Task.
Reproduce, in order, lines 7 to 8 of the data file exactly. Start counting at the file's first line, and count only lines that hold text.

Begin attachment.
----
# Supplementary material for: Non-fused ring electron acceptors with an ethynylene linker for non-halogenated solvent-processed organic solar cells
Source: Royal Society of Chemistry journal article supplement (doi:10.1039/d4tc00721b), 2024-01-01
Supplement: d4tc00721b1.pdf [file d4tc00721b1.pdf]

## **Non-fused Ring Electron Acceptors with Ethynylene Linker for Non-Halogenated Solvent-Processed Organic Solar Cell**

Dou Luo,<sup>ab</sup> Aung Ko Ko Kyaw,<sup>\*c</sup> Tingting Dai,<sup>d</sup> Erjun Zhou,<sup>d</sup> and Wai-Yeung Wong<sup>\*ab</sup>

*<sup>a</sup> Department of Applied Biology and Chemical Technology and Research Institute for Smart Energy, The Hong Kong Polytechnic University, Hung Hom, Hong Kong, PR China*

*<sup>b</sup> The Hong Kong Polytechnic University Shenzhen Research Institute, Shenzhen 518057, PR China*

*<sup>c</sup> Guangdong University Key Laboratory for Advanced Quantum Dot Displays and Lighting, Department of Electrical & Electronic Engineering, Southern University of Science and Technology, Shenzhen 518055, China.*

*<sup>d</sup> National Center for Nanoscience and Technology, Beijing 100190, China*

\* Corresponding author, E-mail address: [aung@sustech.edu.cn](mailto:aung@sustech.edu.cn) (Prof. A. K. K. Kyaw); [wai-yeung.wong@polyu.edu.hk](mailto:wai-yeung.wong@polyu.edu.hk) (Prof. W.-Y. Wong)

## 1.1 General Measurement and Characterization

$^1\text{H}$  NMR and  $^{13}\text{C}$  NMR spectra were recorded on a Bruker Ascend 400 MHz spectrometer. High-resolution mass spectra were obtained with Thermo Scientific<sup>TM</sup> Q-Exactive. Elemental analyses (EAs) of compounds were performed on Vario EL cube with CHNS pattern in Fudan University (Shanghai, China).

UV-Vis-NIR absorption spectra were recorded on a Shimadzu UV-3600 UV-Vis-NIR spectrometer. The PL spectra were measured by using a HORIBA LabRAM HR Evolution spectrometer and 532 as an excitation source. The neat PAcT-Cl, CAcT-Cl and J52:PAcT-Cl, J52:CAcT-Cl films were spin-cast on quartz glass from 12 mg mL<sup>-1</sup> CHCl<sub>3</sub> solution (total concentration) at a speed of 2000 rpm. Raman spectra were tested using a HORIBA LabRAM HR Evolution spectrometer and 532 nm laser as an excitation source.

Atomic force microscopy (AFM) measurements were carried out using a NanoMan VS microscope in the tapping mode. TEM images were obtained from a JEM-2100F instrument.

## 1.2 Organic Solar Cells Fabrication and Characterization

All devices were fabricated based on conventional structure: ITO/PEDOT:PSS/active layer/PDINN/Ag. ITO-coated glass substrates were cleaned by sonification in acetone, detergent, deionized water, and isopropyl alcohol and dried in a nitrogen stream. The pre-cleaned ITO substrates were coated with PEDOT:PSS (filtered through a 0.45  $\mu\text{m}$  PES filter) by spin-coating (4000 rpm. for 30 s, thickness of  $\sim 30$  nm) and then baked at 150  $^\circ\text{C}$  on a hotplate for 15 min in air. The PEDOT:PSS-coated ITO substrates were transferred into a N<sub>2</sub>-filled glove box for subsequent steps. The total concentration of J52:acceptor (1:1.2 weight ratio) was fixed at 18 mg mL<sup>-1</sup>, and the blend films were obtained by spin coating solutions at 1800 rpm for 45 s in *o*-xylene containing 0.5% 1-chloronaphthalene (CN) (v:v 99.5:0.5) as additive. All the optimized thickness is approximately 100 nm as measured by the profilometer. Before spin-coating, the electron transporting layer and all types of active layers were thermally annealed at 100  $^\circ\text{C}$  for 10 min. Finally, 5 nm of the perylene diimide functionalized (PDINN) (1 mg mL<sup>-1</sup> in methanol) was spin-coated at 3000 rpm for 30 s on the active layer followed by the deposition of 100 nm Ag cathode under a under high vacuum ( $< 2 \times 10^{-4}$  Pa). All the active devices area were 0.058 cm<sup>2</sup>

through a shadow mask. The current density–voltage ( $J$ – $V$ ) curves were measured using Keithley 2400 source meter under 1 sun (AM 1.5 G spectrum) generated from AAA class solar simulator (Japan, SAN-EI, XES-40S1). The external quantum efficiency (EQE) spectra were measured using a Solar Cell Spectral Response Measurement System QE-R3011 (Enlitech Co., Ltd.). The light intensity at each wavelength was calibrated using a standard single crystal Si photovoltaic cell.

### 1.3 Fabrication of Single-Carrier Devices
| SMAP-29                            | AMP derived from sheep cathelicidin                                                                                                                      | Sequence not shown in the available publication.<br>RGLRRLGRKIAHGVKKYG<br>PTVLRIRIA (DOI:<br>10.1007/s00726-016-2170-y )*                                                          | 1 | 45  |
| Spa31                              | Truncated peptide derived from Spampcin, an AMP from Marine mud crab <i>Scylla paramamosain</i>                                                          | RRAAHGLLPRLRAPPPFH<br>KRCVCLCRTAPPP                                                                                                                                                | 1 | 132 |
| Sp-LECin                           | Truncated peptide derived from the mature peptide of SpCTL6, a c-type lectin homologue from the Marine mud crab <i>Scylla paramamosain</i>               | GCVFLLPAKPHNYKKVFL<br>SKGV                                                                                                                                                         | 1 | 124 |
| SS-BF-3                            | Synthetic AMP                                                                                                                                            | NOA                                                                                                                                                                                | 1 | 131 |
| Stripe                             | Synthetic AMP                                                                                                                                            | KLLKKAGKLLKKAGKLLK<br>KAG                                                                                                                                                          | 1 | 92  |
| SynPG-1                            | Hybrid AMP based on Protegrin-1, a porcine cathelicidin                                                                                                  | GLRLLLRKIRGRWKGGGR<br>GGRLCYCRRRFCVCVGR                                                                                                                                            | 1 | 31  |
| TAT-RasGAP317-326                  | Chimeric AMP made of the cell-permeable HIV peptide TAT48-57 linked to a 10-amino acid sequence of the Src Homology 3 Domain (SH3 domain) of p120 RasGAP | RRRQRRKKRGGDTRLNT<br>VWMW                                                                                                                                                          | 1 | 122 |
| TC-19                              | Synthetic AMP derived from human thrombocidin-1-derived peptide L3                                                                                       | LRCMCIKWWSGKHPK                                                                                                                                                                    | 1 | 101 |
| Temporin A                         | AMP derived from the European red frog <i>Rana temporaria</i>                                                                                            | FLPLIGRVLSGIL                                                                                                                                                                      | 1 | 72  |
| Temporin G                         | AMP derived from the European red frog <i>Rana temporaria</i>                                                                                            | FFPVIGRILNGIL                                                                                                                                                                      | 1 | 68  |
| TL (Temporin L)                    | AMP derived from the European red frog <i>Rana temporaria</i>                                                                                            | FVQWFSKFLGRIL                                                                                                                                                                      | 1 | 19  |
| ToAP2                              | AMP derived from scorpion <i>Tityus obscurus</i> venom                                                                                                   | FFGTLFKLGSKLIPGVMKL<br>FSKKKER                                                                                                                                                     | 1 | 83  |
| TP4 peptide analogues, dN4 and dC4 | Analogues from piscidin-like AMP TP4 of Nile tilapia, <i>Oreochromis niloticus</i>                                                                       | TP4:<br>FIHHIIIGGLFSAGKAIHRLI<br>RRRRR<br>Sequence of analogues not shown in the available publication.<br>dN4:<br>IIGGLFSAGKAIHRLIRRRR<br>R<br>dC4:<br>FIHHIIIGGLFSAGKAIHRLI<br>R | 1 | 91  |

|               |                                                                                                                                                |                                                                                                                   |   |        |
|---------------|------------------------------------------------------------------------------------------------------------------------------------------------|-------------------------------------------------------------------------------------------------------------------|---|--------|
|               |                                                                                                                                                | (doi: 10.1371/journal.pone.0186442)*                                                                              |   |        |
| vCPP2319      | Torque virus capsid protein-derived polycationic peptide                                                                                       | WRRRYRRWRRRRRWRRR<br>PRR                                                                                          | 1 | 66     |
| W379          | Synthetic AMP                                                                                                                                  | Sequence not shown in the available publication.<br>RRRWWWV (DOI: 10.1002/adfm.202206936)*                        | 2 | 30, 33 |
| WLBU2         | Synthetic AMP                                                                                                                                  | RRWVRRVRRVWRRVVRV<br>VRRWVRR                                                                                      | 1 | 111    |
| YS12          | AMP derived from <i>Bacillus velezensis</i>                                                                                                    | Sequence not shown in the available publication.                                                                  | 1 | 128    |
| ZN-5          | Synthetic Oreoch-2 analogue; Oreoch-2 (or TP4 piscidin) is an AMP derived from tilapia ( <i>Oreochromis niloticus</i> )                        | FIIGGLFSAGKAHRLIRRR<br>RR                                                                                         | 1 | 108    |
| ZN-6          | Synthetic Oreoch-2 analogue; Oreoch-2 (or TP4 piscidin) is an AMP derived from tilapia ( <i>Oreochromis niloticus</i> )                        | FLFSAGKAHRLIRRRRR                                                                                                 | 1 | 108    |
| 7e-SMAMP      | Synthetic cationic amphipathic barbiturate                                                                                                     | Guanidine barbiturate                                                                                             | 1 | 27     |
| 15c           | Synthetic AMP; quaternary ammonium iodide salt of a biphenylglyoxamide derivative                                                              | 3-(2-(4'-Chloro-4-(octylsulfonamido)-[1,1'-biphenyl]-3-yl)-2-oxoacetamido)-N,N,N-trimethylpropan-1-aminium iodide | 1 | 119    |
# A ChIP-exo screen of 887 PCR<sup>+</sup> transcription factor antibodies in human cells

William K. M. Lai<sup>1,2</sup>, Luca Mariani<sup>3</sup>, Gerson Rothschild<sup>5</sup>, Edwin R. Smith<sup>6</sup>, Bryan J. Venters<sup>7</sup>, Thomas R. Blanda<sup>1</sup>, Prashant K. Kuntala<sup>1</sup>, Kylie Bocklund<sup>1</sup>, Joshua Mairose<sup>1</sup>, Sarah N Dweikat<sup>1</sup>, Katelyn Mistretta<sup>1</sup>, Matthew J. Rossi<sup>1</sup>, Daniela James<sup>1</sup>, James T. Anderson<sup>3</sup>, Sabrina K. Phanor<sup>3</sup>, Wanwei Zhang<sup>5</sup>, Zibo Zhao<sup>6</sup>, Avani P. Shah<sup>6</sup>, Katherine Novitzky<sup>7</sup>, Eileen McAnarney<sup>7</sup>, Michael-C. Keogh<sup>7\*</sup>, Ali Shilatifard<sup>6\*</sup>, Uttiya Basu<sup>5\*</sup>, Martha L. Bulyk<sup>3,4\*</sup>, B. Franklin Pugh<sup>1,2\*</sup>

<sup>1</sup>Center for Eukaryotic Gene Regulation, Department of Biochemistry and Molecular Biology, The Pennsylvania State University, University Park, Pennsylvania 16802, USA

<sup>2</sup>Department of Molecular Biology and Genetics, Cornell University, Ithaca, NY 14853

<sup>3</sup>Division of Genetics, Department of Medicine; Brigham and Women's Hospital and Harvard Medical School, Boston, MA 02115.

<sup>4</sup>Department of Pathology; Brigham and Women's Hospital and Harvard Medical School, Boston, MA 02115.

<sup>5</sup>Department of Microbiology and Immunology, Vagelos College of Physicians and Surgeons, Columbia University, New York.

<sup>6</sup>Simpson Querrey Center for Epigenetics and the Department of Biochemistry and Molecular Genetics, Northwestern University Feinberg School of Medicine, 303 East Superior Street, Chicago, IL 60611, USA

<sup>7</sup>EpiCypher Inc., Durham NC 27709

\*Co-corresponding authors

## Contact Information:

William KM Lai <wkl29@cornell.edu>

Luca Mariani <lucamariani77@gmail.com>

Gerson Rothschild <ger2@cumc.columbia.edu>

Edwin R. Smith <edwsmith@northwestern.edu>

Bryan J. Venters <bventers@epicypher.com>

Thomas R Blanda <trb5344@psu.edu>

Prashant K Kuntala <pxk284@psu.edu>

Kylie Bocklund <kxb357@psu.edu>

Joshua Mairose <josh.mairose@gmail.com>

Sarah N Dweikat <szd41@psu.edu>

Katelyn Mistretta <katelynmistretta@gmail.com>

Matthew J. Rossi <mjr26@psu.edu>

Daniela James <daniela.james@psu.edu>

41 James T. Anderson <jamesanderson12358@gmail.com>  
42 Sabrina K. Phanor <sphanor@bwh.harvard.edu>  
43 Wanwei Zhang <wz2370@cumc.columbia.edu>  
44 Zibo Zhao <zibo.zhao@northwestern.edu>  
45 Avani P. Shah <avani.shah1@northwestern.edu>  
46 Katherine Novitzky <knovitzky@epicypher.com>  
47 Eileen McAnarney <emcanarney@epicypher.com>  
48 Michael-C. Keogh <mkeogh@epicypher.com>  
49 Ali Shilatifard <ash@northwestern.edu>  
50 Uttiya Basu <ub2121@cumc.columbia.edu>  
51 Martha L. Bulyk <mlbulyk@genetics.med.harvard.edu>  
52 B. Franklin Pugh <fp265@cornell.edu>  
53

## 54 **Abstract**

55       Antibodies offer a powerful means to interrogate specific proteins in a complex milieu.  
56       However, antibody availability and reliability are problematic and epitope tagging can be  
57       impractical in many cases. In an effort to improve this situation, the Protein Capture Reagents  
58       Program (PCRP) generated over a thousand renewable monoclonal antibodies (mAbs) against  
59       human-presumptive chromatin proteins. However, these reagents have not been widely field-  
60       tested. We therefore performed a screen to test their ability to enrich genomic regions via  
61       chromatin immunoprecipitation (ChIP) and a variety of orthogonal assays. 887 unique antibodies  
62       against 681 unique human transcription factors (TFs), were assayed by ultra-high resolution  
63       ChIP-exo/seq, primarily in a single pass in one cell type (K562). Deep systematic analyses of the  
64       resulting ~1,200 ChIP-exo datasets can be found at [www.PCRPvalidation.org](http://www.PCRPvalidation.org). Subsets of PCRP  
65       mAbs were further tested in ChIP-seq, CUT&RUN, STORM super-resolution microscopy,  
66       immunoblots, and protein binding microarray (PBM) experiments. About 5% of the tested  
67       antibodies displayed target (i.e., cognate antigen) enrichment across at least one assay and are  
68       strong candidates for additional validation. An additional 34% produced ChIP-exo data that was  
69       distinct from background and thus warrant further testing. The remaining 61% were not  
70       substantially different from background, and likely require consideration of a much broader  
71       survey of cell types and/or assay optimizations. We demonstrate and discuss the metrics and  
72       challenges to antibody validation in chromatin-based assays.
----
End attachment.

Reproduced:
*<sup>b</sup> The Hong Kong Polytechnic University Shenzhen Research Institute, Shenzhen 518057, PR China*

*<sup>c</sup> Guangdong University Key Laboratory for Advanced Quantum Dot Displays and Lighting, Department of Electrical & Electronic Engineering, Southern University of Science and Technology, Shenzhen 518055, China.*